Closer to home, NWF and its affiliate, the Conservation Council for Hawai‘i, have worked with Vulcan and other groups to help pass stronger state laws against trafficking products made from at-risk species, including elephants. “This is a historic step towards preventing further loss of critically endangered wildlife,” says Les Welsh, associate director of NWF’s Pacific Region.


Mountain Lion


Helping wildlife survive an urban jungle

Mountain lions and other wildlife in the Santa Monica Mountains are hemmed in by highways. As part of P-22 Day and Urban Wildlife Week, October 15 to 22, NWF California Regional Executive Director Beth-Pratt-Bergstrom is showing why connected habitat is vital for wildlife. She will walk the path mountain lion P-22 might have taken across the busy 101 and 405 freeways and finish at the cat’s home in Los Angeles’ Griffith Park on October 22, NWF’s second P-22 Day. Participants can learn how to set up a wildlife camera, experience P-22’s perilous journey through virtual reality headsets and more.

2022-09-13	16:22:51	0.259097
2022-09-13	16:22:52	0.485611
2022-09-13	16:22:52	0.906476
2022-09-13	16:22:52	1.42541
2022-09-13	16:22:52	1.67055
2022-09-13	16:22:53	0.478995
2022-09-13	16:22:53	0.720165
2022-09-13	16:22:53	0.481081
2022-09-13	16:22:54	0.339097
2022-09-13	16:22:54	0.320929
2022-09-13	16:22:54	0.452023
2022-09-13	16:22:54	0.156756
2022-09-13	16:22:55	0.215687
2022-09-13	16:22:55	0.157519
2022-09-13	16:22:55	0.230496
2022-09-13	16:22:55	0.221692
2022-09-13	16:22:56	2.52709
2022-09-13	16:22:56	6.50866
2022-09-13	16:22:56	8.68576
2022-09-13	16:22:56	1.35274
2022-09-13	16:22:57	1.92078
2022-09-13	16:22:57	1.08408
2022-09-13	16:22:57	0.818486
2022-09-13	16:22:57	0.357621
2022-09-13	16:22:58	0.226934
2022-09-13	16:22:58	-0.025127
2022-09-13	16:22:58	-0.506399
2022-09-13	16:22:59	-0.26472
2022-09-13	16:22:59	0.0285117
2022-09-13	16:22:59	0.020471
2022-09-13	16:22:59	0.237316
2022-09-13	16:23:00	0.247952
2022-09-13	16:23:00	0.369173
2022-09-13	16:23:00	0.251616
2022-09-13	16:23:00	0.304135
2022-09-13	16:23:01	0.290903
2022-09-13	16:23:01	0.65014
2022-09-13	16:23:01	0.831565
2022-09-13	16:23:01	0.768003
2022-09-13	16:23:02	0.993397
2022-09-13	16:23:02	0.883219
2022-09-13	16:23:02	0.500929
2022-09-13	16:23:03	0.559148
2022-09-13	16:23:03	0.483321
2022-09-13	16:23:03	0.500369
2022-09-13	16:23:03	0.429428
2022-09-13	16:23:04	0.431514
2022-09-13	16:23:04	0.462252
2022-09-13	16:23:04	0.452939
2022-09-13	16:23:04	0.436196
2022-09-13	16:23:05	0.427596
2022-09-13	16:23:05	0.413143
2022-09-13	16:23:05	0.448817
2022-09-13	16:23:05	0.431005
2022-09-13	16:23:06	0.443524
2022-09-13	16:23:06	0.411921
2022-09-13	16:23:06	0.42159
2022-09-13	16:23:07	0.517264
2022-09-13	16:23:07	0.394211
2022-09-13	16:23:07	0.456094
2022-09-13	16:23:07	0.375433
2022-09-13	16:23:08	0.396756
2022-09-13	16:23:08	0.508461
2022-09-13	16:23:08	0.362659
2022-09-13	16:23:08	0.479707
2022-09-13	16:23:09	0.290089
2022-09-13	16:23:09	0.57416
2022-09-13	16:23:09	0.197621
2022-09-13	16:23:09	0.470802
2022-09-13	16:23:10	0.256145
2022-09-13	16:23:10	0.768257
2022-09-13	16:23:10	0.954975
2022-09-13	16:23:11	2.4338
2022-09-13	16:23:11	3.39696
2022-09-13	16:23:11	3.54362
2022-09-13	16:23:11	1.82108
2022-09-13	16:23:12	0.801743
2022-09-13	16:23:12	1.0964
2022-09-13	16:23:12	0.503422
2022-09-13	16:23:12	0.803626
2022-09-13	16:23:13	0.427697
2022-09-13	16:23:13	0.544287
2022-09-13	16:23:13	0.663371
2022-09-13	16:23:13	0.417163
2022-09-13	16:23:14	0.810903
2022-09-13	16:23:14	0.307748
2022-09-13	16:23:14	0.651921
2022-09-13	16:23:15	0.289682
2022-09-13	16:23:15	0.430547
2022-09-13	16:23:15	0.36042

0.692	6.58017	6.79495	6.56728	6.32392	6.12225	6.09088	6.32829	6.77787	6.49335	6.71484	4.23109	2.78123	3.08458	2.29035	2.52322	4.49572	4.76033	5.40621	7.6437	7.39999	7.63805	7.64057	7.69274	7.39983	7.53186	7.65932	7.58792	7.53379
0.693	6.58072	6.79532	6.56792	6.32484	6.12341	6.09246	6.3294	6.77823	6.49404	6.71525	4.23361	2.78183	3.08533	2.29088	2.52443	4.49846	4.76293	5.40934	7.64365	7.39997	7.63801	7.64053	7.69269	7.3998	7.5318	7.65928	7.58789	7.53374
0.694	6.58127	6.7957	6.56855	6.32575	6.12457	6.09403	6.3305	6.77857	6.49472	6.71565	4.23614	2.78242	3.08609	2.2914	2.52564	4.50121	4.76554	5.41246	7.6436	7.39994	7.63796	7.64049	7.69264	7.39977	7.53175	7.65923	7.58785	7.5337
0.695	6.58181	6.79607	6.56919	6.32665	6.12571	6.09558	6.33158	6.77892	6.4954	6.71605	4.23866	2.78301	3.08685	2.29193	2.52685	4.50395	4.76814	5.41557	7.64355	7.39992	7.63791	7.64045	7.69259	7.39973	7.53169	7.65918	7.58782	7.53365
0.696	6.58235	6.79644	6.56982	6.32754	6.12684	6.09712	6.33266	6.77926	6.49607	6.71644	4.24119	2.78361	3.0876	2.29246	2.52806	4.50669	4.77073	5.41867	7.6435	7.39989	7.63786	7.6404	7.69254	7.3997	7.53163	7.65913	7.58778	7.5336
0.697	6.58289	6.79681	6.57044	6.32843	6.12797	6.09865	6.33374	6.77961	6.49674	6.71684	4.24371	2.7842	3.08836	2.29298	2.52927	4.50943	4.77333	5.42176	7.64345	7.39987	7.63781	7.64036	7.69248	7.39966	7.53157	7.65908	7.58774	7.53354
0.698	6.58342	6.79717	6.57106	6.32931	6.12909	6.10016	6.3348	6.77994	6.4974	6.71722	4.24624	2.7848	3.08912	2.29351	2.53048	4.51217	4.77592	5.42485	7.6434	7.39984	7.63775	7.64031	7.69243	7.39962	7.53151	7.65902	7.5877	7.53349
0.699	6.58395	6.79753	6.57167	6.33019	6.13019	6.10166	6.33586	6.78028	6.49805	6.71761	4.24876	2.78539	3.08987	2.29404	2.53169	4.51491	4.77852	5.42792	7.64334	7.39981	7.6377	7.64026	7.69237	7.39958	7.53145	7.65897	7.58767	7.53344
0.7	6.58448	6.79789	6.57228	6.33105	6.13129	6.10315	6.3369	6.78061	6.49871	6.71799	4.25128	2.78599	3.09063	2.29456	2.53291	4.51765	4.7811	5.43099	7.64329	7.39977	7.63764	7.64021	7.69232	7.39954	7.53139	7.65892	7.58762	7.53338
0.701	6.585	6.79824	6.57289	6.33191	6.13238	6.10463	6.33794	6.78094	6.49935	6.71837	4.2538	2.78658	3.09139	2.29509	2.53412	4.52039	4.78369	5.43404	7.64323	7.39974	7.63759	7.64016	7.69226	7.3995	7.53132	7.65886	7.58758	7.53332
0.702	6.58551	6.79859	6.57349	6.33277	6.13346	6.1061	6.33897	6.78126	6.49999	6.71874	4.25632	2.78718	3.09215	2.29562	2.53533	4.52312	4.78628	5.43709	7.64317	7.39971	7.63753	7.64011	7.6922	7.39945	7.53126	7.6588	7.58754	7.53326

“When you can almost feel what it would be like to be a mountain lion trying to cross these deadly highways, what we need to do to save this population becomes real,” says Pratt-Bergstrom. NWF is leading the #SaveLACougars campaign to build a wildlife crossing over Highway 101.


More from National Wildlife magazine and NWF:

NWF Calls on Congress to Protect Arctic National Wildlife Refuge, Invest in Wildlife Conservation
What We Do: Wildlife Conservation
New Funding Plan: Song of Salvation?
Read last issue's Working for Wildlife